Ultimately, I hope to instill in my students a love for German and encourage them to become lifelong learners who make positive contributions to the global community,she said.
Ruth E. Kershner
Ruth Kershner, an associate professor in the Department of Community Medicine, is known for being an accessible counselor to her students.
She is a friend of students, who always has their best interests at heart,student Lisa Costello said.Ruths job is never done at 5; she is often found at the Health Sciences Center in the evenings or on weekends working on projects in her office or hosting activities for student organizations.
Usually teaching six to nine classes at WVU each semester, Kershner has developed several unique community medicine and womens studies courses, including Mens Health, Gender and Violence, Womens Health and Fitness, and Disease Across the Lifespan.
Since 1995, Kershner has been involved in many facets of education at WVU , and she takes preparation to a higher level with her student educational packets that include note-taking sheets, reflective experiences, study guides and more.
She utilizes a variety of teaching methods, bringing knowledge, humor, compassion, experience and substance to the classroom,said Dr. Alan M. Ducatman, chair of Community Medicine.She excels in impact. Her students are inspired.
Kershner also served as an international health mentor for students in countries such as Honduras, Tanzania and Guatamala from 2006-08.
I am so fortunate to be a teacher, mentor and adviser,Kershner said.Teaching is my spiritual path. Each and every student brings something of value to the classroom. Through dialogue, activities, humor and heartfelt exchange, they share their gifts with me, and I am a better person because of them.
In 2008, she received the WVU School of Medicine Distinguished Teacher Award and the Deans Award for Community Service. She was also named the 2008 Professor of the Year by the Faculty Merit Foundation of West Virginia.
Kershner helped the Department of Community Medicine reinstitute its online graduate program in school health, which had been on hiatus for five years. It is currently the only online graduate program in school health in West Virginia.
Since 1998, Kershner has served as the alcohol educator for the School of Medicine. During the past four years, she has been involved in more than 75 alcohol education activities, including DUI simulators, orientations and discussions, which served more than 5,000 participants from the University, community and local high schools.
James J. Nolan
Unlike most faculty, James Nolan, an associate professor in sociology and anthropology, served as a police officer for over 10 years before becoming a teacher.
At 22, he entered the police academy in Wilmington, Del., and became a patrol officer and a detective in the drug and organized crime division, working undercover to infiltrate criminal networks. He occasionally taught classes at the police academy, but never thought of teaching as a career.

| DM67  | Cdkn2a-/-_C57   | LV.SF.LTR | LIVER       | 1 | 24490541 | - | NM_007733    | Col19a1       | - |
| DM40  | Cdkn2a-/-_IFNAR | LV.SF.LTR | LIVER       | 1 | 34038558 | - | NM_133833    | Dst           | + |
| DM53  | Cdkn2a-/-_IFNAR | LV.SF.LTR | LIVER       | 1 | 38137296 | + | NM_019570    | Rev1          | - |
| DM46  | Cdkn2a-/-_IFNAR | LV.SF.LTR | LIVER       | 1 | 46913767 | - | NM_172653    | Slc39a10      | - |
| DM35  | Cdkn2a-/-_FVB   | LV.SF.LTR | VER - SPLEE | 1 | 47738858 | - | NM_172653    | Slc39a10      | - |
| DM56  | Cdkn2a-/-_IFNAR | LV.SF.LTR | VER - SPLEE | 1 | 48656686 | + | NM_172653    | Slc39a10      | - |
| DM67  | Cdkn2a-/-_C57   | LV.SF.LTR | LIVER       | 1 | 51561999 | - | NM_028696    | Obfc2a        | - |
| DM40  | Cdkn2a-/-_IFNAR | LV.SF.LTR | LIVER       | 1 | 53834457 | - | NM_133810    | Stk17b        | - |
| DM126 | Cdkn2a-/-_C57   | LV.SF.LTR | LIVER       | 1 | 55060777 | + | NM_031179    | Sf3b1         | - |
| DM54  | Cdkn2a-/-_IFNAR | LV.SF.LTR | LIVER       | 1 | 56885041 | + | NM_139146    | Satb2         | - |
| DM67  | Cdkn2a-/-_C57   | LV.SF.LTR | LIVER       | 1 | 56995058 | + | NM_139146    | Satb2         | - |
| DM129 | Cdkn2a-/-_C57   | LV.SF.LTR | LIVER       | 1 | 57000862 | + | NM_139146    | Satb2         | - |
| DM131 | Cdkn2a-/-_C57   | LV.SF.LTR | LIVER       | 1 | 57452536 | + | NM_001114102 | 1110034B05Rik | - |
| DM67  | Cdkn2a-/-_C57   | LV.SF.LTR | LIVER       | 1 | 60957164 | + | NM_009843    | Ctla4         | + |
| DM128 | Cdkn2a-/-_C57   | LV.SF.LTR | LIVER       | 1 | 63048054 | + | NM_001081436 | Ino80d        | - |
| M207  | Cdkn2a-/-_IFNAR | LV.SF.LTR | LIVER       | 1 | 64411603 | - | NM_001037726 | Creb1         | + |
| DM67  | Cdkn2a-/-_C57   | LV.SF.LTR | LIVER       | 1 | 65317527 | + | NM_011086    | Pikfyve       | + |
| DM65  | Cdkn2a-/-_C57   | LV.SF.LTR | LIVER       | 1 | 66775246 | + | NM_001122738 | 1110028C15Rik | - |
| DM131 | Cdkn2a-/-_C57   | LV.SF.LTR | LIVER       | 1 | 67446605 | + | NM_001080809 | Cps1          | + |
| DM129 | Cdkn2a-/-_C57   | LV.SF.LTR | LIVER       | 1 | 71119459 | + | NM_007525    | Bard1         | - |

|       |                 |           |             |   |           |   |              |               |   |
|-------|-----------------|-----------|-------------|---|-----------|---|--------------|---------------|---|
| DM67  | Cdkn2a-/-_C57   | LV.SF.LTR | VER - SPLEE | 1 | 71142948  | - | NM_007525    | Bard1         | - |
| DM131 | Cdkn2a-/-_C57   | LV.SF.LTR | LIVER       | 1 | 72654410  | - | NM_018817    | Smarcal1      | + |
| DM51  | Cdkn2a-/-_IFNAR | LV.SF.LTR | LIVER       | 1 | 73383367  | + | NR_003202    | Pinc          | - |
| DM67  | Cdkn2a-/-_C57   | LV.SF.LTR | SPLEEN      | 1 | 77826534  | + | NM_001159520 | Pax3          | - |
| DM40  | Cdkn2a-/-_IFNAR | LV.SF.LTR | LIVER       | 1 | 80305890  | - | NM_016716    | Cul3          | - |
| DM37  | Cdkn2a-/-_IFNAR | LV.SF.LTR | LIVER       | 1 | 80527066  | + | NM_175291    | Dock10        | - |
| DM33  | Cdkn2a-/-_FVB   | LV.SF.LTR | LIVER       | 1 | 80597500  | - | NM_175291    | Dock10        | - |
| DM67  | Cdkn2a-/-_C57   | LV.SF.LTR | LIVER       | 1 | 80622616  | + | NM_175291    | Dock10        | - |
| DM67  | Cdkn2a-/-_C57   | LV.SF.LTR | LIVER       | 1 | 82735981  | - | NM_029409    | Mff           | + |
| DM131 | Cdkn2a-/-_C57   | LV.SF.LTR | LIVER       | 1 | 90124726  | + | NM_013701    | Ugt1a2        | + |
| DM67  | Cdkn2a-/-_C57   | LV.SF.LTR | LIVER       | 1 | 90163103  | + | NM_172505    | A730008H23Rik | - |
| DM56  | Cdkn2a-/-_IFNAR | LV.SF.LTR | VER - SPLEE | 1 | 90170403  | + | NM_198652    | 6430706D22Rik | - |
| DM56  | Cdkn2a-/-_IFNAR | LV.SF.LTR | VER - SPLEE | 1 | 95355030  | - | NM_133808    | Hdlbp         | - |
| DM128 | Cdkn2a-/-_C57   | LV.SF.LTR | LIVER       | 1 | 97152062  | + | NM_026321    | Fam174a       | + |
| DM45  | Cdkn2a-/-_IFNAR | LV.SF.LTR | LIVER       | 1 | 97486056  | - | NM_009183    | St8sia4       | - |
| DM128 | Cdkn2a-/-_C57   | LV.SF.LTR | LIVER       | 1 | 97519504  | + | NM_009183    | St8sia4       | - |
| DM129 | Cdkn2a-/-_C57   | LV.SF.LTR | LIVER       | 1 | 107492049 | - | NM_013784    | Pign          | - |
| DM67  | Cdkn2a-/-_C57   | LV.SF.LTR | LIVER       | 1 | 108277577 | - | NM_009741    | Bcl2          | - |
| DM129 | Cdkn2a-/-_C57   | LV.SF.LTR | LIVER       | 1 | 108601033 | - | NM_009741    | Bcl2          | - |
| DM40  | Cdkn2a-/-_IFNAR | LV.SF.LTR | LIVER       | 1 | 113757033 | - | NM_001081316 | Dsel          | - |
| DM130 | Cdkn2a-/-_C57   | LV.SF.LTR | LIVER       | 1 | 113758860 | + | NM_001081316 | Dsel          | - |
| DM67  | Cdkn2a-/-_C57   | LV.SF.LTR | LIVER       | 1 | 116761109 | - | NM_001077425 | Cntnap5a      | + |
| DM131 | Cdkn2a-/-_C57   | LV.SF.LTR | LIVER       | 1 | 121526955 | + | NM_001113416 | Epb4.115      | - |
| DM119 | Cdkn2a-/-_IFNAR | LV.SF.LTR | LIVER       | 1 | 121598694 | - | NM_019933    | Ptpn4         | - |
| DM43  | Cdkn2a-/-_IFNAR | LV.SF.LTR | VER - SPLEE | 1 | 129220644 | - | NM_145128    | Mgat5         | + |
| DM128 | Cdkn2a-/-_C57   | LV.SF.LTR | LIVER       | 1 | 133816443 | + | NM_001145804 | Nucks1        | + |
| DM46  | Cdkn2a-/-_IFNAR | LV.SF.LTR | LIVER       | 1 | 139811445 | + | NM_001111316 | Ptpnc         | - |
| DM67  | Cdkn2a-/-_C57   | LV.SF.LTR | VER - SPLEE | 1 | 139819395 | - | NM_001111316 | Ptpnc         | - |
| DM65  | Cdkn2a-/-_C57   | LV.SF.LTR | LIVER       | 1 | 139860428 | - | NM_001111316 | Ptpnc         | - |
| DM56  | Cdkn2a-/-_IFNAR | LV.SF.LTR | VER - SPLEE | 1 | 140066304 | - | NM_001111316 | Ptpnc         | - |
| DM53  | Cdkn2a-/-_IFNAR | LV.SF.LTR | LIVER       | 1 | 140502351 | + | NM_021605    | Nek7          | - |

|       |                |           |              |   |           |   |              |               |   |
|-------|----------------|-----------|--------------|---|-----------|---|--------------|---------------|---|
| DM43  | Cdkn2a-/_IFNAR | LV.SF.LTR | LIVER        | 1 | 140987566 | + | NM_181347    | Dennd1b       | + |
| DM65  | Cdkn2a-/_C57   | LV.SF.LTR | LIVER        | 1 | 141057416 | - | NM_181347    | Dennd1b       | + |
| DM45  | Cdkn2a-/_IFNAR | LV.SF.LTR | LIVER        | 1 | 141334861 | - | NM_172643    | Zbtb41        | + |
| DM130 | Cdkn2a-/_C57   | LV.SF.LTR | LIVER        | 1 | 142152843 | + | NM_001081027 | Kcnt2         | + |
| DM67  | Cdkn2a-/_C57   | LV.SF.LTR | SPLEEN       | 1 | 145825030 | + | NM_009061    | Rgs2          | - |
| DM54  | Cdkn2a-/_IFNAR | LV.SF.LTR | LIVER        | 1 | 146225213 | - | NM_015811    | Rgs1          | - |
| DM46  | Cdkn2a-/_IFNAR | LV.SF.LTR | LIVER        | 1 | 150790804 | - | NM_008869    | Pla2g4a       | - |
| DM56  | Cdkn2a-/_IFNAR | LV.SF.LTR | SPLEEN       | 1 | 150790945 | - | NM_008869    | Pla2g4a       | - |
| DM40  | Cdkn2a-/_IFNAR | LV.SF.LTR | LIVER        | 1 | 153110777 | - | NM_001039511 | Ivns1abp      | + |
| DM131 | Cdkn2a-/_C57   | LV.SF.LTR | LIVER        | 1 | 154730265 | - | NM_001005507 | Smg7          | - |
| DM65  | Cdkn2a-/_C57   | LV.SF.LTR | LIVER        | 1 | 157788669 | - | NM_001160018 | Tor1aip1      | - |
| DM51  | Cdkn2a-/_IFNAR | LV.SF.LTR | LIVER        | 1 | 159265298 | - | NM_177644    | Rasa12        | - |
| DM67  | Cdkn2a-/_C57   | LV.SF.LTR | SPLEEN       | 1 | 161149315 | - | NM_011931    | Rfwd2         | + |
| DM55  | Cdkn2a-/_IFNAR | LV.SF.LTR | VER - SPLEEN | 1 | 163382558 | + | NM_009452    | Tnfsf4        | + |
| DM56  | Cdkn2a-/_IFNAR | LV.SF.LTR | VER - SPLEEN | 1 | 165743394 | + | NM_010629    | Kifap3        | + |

Eventually, Nolan pursued his masters in education and doctorate in psychoeducational processes at Temple University in Philadelphia. During this time, the potential for social change through teaching and education had a profound effect on him.
I saw that teaching and learning are very much a part of the same processone that has the ability to change the consciousness of people so that they can change their own lives for the better,Nolan said.
At WVU , he teaches nine classes, including courses on hate crimes, criminology and deviant behavior, and he helped pioneer the new, popular criminology and investigation major.
One of Nolans popular classes at WVU is Inside Out: Exploring Issues of Crime and Justice from Behind West Virginia Prison Walls. Originally developed at Temple University, the class is an innovative community-based, service-learning course aimed at studying criminal justice through weekly meetings between WVU students and inmatesor inside studentsas Nolan refers to them.
I can say now that my views have swayed significantly,said former Inside Out student Michael Anthony Lupi Jr.These people were abandoned by several people in their lives and ended up making a mistake. Right now in their lives, they need people to talk to for inspiration and guidance, and I am glad I could be a part of that.
During the last three weeks of the course, students work together and develop a plan to improve the practice of criminal justice in the state and present it to prison and state officials.
Based on the quality of the Inside Out class projects, students and a prison warden encouraged Nolan to create a second course called Justice Roundtable, which meets twice a month to continue working on Inside Out projects.
A current student of Nolans, Heather Marie Stanley said,At the end of this class, we hadnt just met inmates, but we had met our inside student friends. We had gained trust in one another in that room to talk about issues that were not allowed or comfortable anywhere else. We learned that there are so many things that can be changed in the prison system.
Nolan and students in Justice Roundtable have been working on a project to help individuals who are released from prison to reintegrate into everyday life by assisting them with housing, employment and support networks.
Nolan also gets students involved in research on community policing. They work with him in neighborhoods, interviewing residents and police officers about their relationships with each other. Building trusting relationships within communities and between the police and the community is essential to crime control, he said.
Dr. Arif R. Sarwari